Vocational Rehab offered the opportunity to change his life and Williams is taking full advantage of it. The $1,000 National Veterans Upward Bound (VUB) scholarship made things a bit easier. He is now in his second semester at Southeastern. His first-semester delivered an impressive grade-point average.

He will be 48, maybe 49 years old when he gets his degree in fisheries and wildlife. He also wants to pursue an advanced degree in marine biology or oceanography with an eye on conducting environmental research.

“I worry about getting my degree at that age,” John said, “but I’m hoping someone will hire me. Everything is looking up. I’m getting my degree and I’m really driven and motivated by this opportunity.

“Several people went out of their way to help me get into college and started on this path. Now it’s up to me to hold up my end of the deal.”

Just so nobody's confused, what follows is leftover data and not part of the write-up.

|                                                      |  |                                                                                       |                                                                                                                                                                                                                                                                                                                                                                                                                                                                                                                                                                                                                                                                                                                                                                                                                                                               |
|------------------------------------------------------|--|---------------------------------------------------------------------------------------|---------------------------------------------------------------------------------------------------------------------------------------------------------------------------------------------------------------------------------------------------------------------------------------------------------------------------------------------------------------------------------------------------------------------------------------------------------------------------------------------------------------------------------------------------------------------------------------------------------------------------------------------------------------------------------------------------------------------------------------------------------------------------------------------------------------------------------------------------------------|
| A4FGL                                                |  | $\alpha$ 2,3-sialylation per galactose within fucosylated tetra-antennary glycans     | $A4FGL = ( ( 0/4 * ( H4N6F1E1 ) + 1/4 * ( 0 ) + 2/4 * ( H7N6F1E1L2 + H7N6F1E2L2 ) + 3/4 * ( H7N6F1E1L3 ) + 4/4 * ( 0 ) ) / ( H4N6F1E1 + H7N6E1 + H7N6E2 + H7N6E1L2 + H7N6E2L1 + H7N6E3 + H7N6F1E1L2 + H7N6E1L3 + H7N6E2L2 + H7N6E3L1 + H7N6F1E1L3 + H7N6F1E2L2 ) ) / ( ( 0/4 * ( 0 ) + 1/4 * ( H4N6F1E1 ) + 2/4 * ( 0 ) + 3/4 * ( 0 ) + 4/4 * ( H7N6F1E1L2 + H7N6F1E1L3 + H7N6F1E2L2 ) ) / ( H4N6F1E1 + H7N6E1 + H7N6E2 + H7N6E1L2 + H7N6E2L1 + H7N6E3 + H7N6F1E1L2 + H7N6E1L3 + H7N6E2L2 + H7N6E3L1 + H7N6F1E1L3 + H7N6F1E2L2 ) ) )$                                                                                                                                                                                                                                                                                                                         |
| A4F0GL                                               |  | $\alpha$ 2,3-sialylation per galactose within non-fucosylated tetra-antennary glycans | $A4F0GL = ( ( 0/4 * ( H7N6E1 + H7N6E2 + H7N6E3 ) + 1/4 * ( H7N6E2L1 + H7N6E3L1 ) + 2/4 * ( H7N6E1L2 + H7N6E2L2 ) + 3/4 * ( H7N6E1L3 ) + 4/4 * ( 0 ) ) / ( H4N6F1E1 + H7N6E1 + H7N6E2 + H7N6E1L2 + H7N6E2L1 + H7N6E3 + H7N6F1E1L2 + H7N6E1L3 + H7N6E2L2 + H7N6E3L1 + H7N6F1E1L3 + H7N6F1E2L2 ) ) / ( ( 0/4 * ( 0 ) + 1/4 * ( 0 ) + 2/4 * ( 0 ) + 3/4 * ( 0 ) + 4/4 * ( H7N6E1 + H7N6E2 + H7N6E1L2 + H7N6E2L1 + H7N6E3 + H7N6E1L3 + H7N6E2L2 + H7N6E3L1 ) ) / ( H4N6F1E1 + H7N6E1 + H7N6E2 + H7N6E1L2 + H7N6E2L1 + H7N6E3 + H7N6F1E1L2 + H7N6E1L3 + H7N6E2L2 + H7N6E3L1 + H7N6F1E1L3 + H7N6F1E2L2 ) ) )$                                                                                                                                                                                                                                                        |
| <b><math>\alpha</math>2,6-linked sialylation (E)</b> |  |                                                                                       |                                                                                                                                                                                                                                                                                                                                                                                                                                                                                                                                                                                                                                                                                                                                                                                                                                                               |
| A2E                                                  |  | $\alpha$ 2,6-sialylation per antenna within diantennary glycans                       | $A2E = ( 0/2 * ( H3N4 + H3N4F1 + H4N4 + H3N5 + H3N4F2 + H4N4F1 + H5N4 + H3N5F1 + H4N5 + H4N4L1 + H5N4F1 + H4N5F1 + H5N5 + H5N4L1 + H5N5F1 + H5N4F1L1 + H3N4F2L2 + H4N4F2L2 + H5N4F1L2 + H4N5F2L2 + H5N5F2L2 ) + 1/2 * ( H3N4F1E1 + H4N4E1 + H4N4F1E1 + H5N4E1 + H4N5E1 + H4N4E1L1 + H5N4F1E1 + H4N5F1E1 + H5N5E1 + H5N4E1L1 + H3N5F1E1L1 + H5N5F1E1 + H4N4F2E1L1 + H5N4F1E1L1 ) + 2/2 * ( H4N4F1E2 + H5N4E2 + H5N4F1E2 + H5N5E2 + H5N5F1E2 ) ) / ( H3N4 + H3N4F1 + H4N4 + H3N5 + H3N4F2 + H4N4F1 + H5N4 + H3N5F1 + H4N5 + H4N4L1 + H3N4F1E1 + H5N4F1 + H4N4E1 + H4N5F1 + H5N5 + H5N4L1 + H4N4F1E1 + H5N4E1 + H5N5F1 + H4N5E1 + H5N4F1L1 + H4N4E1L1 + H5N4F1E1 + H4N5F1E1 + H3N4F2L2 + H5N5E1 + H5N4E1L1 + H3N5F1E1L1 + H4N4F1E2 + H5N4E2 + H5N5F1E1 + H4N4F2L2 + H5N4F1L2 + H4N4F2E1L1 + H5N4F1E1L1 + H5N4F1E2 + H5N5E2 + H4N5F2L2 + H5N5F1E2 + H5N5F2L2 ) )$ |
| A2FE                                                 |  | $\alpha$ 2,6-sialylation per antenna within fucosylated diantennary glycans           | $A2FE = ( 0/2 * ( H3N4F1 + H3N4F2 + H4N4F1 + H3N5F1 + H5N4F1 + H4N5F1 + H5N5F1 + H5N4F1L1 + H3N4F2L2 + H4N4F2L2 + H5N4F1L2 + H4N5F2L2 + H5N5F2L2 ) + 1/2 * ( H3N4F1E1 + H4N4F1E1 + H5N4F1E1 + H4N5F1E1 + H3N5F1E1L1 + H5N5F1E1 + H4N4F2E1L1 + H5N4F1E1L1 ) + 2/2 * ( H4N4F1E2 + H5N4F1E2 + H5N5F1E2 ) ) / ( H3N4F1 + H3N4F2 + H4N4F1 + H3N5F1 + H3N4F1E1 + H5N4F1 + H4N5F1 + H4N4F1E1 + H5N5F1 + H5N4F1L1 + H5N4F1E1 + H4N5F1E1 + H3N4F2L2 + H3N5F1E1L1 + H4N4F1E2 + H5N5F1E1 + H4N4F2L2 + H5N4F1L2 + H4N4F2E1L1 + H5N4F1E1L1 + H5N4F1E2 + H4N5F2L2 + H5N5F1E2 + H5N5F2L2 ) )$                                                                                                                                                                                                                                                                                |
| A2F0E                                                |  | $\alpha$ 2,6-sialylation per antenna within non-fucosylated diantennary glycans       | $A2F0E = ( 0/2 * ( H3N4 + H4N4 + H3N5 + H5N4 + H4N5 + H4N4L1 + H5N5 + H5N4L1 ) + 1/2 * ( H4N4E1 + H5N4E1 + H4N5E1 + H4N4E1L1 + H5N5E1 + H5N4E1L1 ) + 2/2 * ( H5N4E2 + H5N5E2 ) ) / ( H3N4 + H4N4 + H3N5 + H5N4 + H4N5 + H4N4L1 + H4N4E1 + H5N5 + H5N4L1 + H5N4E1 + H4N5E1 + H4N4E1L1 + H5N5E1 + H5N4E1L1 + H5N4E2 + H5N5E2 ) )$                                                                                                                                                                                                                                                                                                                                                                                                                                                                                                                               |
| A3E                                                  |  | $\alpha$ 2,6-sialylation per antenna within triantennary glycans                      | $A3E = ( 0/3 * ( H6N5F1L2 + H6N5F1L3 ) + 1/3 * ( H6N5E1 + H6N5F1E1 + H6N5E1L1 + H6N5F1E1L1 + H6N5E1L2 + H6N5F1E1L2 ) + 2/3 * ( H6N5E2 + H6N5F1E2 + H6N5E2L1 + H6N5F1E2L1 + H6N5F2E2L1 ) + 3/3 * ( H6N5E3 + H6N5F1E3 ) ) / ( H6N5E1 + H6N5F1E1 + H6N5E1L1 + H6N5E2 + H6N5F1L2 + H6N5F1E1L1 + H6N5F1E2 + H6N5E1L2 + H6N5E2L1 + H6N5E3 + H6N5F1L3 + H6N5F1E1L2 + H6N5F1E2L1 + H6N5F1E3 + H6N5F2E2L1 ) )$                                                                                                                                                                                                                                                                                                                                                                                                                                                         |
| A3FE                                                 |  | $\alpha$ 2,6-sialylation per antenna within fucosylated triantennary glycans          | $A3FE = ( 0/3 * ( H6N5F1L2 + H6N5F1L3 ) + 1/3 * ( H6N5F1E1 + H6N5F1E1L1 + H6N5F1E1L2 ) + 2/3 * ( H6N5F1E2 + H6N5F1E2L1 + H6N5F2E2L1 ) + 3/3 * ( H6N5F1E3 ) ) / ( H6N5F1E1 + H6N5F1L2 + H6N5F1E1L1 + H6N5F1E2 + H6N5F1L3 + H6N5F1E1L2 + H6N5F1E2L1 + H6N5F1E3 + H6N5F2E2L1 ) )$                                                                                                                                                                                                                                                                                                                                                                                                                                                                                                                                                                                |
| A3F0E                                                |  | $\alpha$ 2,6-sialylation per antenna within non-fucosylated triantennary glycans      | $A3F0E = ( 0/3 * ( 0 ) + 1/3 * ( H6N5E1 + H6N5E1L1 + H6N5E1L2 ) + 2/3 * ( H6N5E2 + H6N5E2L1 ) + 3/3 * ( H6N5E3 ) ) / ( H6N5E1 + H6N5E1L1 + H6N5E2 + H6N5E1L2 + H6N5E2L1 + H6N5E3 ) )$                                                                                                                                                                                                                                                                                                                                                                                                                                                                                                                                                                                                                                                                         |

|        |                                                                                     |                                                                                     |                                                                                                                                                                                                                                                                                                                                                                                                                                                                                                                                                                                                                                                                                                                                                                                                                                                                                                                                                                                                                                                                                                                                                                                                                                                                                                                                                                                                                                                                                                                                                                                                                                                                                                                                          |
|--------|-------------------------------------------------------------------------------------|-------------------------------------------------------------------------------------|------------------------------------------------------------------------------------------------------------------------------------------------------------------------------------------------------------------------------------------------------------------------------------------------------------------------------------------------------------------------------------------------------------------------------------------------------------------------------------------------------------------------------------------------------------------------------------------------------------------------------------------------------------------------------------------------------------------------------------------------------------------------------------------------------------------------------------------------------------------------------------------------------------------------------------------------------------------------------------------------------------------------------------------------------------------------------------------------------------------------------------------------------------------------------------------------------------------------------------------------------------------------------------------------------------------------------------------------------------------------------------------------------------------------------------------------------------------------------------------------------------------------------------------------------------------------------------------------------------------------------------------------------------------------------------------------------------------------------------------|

True Blue Chili Cook-off set for Nov. 16

TailgatingDURANT, Okla. – Don’t miss the True Blue Chili Cook-off and Southeastern Tailgate Party when the Savage Storm play host to East Central in the final football game of the season. The chili cook-off has been added to spice things up a bit and determine the top lip-blistering chef in the Southeastern and Durant communities.

The Southeastern-East Central game kicks off at 2 p.m. Saturday, November 16, and the Tailgate Party begins at 11 a.m. with all chili cookers on-site in Tailgate Alley.

Chili must be ready for the judges by  noon. Judging begins at 12:30 p.m. and free chili will be available for everyone in attendance.

The judges’ decision will be announced at 12:45 p.m.

How do you beat a deal like that?